Pele's appeal: Mo'olelo, Kaona, and Hulihia in “Pele and Hi'iaka” literature (1860–1928)
An important figure in Hawaiian mo'olelo (hi/story) is Pele, goddess of the volcano, whose many deeds are vividly described in the vast repository of chants, songs, poetry, dance and narrative recorded in a myriad of oral and written traditions, the body of which I identify as Pele and Hi'iaka mo'olelo. Collectively, it significantly outnumbers mo'olelo for all other Hawaiian gods. Yet despite the immense repository of Hawaiian-language Pele literature it has been virtually ignored by scholars because it is recorded, for the most part, in Hawaiian.
This dissertation is an examination of written Pele and Hi'iaka mo'olelo published in the Hawaiian language newspapers from 1860-1928, and Nathaniel B. Emerson's Pele and Hi'iaka (1915), focusing on what I identify as a genealogically-linked "strand" of texts, namely Kapihenui (1861), Pa'aluhi and Bush (1893), Emerson (1915), and an undated Bishop Museum Archives manuscript (HI. L. 23). Through selected examples, I identify and discuss four important points relevant to the development of this literature: (1) the Pele and Hi'iaka mo'olelo can be organized genealogically because of the existing relationships between the texts; (2) as the earliest written text, Kapihenui's relied more on (and is more reminiscent of) oral tradition because it was closer in time and form to it as a transitional (oral to written) text; (3) Hawaiians became more adept at understanding the nuances of written literature, their literary productions flourished, embracing and adapting the western style; (4) politically, in form and content the texts represent Native Hawaiian resistance to western colonialism and an assertion of cultural identity, pride, and creativity, demonstrating a "hulihia discourse," a dynamic continuity of cultural thought and practice. As such, I argue the poetics (kaona) and political meaning (hulihia) of the Pele and Hi'iaka mo'olelo have been culturally encoded for a Hawaiian audiences, inspiring Hawaiian writers today to continue to weave a lei of resistance to colonization through our literary and performing arts, of which the Pele and Hi'iaka mo'olelo is but one example.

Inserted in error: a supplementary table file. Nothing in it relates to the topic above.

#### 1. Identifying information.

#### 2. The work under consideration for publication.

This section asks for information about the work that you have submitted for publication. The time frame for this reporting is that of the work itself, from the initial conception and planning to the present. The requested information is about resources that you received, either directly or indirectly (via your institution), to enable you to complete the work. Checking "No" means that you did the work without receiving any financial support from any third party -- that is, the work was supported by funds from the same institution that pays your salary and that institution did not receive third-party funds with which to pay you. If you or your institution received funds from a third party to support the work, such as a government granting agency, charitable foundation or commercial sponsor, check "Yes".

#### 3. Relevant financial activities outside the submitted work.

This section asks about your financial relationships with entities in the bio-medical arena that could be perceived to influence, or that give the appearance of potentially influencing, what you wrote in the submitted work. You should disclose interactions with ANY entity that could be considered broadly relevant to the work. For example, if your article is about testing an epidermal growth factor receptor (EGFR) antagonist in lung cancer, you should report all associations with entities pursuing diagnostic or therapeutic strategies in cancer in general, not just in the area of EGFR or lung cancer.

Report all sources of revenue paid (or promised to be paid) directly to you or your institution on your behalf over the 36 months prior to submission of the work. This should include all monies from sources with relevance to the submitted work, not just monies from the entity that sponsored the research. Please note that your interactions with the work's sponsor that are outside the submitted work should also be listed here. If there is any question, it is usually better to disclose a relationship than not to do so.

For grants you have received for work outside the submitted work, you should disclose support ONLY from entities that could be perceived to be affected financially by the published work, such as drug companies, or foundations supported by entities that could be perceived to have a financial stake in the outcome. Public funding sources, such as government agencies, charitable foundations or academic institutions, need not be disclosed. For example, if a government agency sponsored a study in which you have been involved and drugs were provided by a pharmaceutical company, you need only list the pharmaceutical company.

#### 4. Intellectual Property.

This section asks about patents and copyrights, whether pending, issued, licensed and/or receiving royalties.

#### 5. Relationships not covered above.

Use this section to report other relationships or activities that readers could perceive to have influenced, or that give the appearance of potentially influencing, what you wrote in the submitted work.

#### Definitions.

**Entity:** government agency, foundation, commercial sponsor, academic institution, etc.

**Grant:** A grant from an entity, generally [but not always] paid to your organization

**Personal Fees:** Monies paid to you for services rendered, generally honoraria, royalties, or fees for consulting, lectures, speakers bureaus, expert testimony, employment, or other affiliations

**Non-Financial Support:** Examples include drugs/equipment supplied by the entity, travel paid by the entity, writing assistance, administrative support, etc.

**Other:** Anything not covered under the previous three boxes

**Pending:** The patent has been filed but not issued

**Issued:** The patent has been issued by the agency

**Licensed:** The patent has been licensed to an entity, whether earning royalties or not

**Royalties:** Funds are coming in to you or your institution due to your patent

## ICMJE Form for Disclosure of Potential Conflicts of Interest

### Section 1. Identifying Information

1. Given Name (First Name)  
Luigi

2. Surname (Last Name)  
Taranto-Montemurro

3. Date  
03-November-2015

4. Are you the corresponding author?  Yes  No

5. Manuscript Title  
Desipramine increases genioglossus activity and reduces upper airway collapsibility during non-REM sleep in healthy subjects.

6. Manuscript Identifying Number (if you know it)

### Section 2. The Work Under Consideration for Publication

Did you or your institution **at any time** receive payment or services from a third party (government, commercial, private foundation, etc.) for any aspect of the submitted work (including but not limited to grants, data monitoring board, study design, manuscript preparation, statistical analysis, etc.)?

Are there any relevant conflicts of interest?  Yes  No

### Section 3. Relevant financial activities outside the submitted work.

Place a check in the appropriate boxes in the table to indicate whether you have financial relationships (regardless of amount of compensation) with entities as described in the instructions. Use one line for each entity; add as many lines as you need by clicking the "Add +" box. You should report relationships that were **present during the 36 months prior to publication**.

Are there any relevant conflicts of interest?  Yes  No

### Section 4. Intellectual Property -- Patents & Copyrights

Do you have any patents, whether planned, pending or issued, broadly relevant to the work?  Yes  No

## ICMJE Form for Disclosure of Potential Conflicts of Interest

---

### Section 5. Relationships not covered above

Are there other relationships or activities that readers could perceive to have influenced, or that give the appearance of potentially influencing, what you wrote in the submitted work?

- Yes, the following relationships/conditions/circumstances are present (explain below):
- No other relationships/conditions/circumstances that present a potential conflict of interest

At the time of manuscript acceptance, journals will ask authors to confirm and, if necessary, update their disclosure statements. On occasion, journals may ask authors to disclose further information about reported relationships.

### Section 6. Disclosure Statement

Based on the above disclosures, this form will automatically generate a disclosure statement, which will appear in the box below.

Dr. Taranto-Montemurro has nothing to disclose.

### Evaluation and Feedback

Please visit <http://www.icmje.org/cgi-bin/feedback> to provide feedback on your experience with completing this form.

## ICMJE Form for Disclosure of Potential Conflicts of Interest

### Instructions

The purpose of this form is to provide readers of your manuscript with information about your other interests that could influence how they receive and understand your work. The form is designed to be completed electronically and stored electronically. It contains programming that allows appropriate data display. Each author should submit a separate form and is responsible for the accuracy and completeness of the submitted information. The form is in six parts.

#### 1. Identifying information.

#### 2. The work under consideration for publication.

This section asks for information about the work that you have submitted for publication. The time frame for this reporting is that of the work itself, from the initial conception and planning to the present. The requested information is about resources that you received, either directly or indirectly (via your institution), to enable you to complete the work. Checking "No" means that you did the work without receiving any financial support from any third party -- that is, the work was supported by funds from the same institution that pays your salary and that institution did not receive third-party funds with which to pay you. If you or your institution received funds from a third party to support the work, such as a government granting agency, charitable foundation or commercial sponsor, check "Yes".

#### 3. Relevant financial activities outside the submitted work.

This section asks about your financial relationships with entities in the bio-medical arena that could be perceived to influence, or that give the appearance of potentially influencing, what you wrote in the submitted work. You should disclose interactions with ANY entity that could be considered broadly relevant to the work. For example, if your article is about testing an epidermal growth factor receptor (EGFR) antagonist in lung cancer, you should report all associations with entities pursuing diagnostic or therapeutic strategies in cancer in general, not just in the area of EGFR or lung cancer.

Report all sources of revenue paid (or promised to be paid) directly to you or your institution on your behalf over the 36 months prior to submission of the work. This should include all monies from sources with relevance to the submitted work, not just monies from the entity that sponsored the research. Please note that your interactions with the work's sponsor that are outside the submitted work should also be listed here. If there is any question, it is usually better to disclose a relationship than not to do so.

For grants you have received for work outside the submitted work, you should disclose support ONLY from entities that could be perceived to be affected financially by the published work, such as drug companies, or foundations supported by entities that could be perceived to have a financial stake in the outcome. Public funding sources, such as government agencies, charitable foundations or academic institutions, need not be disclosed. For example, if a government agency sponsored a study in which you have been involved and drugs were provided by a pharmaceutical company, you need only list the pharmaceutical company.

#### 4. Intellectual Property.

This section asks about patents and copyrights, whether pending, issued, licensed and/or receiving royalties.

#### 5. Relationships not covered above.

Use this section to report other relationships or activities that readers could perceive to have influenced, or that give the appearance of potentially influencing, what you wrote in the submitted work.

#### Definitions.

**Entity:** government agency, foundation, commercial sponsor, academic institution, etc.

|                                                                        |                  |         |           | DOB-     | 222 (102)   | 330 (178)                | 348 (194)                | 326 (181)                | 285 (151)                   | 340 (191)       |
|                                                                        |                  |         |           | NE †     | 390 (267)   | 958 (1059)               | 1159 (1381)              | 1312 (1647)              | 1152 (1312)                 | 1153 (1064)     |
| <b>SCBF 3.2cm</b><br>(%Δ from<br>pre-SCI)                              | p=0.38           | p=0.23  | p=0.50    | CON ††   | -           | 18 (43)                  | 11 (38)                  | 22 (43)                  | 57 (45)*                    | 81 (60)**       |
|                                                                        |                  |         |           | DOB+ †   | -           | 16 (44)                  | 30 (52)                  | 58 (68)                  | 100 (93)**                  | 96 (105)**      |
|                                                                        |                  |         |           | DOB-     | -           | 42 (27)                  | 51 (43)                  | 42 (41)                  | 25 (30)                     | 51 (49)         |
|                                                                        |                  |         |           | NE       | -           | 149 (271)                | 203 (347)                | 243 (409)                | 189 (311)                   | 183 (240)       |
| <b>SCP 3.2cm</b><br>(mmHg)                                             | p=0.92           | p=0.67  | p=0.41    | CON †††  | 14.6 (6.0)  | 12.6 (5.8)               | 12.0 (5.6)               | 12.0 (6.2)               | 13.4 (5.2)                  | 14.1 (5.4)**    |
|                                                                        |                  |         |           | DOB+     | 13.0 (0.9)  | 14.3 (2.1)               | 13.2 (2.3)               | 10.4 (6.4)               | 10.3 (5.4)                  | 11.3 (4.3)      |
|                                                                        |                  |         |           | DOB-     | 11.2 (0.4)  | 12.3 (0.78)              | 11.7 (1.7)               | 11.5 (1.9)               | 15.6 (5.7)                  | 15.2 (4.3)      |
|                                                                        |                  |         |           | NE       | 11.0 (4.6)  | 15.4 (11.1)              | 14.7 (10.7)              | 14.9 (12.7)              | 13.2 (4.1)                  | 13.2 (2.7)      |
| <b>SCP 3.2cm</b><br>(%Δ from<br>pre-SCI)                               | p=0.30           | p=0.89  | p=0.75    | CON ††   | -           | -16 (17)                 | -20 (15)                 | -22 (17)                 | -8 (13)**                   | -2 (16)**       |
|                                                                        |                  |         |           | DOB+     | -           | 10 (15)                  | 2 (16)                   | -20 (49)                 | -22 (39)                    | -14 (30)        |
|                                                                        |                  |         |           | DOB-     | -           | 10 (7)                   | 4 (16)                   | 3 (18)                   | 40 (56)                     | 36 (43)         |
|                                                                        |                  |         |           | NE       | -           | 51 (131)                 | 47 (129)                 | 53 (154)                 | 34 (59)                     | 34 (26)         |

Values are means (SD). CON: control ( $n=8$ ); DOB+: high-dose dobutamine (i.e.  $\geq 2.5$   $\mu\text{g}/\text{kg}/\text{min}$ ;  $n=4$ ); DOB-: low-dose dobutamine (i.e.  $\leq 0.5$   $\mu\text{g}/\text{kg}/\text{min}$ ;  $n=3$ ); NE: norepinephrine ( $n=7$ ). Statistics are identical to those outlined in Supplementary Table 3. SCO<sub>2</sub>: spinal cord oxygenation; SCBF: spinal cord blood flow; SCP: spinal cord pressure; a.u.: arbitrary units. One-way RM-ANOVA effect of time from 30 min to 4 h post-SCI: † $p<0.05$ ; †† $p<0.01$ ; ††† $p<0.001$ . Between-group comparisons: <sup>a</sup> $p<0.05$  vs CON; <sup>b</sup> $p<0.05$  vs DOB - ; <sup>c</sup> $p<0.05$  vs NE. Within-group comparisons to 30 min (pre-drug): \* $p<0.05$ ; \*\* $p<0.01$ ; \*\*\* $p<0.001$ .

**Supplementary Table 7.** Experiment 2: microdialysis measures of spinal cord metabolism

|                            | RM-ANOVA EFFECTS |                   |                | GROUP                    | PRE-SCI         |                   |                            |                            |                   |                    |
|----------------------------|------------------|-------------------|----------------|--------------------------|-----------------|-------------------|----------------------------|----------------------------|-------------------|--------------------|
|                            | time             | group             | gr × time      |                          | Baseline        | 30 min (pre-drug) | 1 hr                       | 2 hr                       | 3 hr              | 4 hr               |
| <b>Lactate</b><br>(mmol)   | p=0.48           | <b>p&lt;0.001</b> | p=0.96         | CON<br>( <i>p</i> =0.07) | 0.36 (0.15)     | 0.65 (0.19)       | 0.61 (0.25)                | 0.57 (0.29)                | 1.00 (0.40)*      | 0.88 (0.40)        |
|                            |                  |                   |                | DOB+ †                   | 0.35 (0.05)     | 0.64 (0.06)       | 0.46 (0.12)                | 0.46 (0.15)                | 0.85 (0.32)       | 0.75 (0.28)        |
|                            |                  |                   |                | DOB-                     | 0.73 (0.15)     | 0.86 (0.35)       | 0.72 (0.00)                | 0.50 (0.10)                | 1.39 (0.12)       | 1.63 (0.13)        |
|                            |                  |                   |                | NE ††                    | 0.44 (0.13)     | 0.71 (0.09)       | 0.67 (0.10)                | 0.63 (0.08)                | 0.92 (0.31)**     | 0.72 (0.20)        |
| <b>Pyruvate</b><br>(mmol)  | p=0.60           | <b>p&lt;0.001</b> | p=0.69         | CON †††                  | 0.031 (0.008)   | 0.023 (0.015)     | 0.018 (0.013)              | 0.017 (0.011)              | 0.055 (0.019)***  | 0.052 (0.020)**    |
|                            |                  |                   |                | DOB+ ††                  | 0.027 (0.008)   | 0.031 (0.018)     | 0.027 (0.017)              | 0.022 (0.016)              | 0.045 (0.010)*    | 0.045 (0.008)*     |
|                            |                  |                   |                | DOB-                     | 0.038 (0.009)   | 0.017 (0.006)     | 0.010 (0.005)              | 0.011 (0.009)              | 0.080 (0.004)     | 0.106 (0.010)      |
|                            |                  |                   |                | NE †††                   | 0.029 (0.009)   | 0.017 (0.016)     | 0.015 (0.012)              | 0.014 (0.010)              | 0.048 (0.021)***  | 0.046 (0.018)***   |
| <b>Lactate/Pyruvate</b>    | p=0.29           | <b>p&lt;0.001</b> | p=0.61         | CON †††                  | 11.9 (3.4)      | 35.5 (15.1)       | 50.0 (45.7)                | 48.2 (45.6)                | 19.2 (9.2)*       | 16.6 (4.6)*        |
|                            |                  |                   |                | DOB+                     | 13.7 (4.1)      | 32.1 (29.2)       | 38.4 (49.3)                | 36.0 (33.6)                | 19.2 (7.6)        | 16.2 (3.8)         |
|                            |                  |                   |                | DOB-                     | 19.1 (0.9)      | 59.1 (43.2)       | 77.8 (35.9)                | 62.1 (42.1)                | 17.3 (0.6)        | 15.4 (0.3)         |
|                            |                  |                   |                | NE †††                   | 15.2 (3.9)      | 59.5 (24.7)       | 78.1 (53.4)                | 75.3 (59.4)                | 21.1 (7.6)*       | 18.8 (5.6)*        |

0591: American literature